Agiblocks is a one-stop CTRM software solution designed by trade professionals, for trade professionals. To simply and streamline your fixed routine, it focuses on all the aspects of the daily practices of the trade. That means we focus on risk management too, with some great tools for markets analysis – such as our latest features for OTC contracts and What-If analysis. In this article, we’d like to take a closer look at VaR (or Value at Risk, not to be confused with Video Assisted Referee, a totally different type of risk management) and how you can use the Agiblocks module on VaR as an insightful risk assessment tool.

## Value at Risk: a definition

Value at Risk is a clear and comprehensible measure of the estimated risk of loss for any investment – ‘clear’ meaning fairly easy to use, and ‘estimated’ meaning there are no guarantees. In economics and finance, as well as in life, things are never one hundred percent certain, nor do the most certain outcomes yield the best results.

Anyway, Value at Risk or VaR provides an estimation (or probability) of the size of the loss for an investment, given variables like asset size, market conditions and time constraints. For an investor, it’s all about probabilities, as the main focus of risk management is usually: ‘what are the odds of losing money?’. VaR is focused on that very presumption. It is typically used to estimate the amount of assets needed to cover potential losses. | For more on hedging, refer to our previous article: Hedging 101 – hedging with agricultural options

## Calculating VaR

Value at risk (VaR) is a popular method for risk measurement. The indication of the level of risk you take with a certain investment can help you decide whether the possible gain is worth the potential maximum loss. VaR can be calculated for either one asset, a portfolio of multiple assets of an entire firm.

By calculating VaR the following question can be answered:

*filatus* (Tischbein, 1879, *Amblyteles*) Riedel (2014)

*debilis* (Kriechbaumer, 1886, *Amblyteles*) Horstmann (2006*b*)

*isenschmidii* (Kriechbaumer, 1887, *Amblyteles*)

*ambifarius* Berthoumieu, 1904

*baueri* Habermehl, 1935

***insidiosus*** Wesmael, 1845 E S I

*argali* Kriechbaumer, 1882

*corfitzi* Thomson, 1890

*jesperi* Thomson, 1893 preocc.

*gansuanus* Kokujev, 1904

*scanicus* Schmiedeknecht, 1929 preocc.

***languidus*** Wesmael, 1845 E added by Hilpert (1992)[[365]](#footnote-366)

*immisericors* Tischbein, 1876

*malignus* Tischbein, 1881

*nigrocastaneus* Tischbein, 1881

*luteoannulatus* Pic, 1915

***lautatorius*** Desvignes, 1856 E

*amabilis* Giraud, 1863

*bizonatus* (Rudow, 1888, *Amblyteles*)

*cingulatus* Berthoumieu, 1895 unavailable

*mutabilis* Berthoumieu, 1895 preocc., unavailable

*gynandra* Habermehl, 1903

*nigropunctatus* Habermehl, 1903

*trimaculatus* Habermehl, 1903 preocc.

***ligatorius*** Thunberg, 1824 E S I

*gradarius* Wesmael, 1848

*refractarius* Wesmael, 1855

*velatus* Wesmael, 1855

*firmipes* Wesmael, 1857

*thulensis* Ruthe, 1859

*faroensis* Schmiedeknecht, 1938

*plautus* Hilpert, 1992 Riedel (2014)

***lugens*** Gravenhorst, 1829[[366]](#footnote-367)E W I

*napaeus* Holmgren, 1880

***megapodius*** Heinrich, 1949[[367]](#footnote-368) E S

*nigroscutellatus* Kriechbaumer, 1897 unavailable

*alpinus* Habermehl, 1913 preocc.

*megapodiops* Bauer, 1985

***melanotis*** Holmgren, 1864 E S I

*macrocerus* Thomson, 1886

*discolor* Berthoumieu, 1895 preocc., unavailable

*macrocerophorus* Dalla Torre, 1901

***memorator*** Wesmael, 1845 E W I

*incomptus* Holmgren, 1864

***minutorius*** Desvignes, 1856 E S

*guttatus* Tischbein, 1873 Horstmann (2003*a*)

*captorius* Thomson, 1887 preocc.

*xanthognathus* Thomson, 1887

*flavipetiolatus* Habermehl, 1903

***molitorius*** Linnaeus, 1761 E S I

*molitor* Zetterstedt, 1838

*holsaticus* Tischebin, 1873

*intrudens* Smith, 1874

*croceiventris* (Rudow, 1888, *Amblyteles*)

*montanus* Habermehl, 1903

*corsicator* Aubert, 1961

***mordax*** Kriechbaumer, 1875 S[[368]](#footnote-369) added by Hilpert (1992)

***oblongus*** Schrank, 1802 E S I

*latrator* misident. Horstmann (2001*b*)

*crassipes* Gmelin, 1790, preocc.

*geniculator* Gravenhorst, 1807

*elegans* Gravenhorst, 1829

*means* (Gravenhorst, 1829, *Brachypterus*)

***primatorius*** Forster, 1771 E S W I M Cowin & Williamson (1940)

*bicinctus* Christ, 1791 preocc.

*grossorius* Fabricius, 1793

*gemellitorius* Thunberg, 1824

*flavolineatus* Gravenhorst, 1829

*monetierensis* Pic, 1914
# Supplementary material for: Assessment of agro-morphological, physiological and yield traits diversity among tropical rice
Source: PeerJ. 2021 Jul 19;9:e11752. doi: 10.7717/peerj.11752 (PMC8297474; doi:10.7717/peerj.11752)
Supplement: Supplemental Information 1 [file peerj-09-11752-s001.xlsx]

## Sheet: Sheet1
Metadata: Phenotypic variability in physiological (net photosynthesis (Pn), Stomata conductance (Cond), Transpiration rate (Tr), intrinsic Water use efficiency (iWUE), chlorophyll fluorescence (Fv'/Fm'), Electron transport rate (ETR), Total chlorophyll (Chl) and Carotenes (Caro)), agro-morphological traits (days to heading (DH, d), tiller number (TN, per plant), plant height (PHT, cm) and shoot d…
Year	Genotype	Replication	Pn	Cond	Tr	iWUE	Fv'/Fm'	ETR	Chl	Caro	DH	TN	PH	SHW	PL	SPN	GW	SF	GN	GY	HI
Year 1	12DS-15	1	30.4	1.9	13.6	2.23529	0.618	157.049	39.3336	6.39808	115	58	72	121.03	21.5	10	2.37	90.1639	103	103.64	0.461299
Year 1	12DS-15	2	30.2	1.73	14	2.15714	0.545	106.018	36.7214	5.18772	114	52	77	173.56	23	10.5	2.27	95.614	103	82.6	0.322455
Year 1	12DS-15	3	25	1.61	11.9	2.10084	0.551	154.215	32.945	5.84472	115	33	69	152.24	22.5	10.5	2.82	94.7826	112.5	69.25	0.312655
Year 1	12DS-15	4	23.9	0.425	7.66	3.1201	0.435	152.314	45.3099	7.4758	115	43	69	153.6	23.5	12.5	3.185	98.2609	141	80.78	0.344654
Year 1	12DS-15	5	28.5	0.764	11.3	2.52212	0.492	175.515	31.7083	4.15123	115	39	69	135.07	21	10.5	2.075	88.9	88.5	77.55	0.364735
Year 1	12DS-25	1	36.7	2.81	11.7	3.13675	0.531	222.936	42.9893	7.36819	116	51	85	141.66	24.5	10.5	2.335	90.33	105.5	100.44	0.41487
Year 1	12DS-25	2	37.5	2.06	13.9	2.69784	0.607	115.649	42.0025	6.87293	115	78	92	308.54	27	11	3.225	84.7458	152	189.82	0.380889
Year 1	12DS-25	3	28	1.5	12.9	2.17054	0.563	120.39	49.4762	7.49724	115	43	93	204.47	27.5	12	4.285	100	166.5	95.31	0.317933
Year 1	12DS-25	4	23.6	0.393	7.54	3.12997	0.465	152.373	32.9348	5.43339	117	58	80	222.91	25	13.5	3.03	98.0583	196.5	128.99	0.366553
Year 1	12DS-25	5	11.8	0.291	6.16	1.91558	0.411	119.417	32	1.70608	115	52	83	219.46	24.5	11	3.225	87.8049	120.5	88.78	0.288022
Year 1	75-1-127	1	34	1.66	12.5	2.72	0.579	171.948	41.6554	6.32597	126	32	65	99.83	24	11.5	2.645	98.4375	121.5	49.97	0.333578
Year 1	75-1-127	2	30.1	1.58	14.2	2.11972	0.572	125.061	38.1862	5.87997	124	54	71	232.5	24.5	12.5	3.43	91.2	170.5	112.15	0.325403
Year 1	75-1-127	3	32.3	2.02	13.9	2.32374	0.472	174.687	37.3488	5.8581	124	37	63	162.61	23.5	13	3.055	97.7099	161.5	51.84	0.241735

*‘What can I, with a certain level of confidence, expect to lose in monetary or percentage terms, during a given period of time?’*

A VaR calculation consequently consists of three elements: a confidence level, a time period and the expected maximum loss. This could result in an answer resembling the following:*‘With 90 percent confidence, I expect my worst daily loss not to exceed 3.5 percent’*

## Level of confidence

The first element is the level of confidence. This element represents the chance a certain risk may occur. Using the answer mentioned above, there is a 90 percent chance the worst daily loss will not exceed 3.5 percent. This element represents whether it is likely the maximum loss can be made and thus whether it is worth taking the risk.

## Time constraints

The second element is the time constraint, the given horizon of the investment in terms of maturity. In other words, it represents the time period over which the loss can be realized. This can be expressed in daily, monthly or even yearly periods. This element is a factor for determining whether an investment represents a short- or long-term risk.

## Expected maximum loss

The third element is the expected maximum loss. This is a crucial one, because it indicates what the worst-case scenario would be, should the risk become reality. This element must be considered before making an investment, to determine what this maximum loss may do to a trading account. Furthermore, it can aid in making the decision whether the loss is acceptable considering the potential profit made on the investment.

There are three different methods for calculating VaR where each method has different strengths and weaknesses. Agiblocks provides an integrated Value at Risk (VaR) module, which can calculate your value at risk based on your entire portfolio or a selection of your portfolio. The information generated by this module can prove critical in your risk management activities and help you make decisions concerning your risk exposure.

For more information on the VaR module of Agiblocks, please contact us directly or request a demo to take full advantage of all Agiblocks has to offer, without any obligation. For now, let’s look at the various methods of calculating VaR.

## Historical method of calculating VaR

The historical method makes use of known historical data to calculate the VaR. The data is used to identify the returns on a specific commodity or index. These daily, monthly or even yearly returns are collected into a graph, providing insight into the historical return and frequency of the different returns. The higher frequency of a return the more likely it is a return will re-occur in the future.

For example: if a negative return of 5 percent represents only 3 percent of the total of reruns, there is a change of 97 percent a daily loss will not *exceed* 5 percent.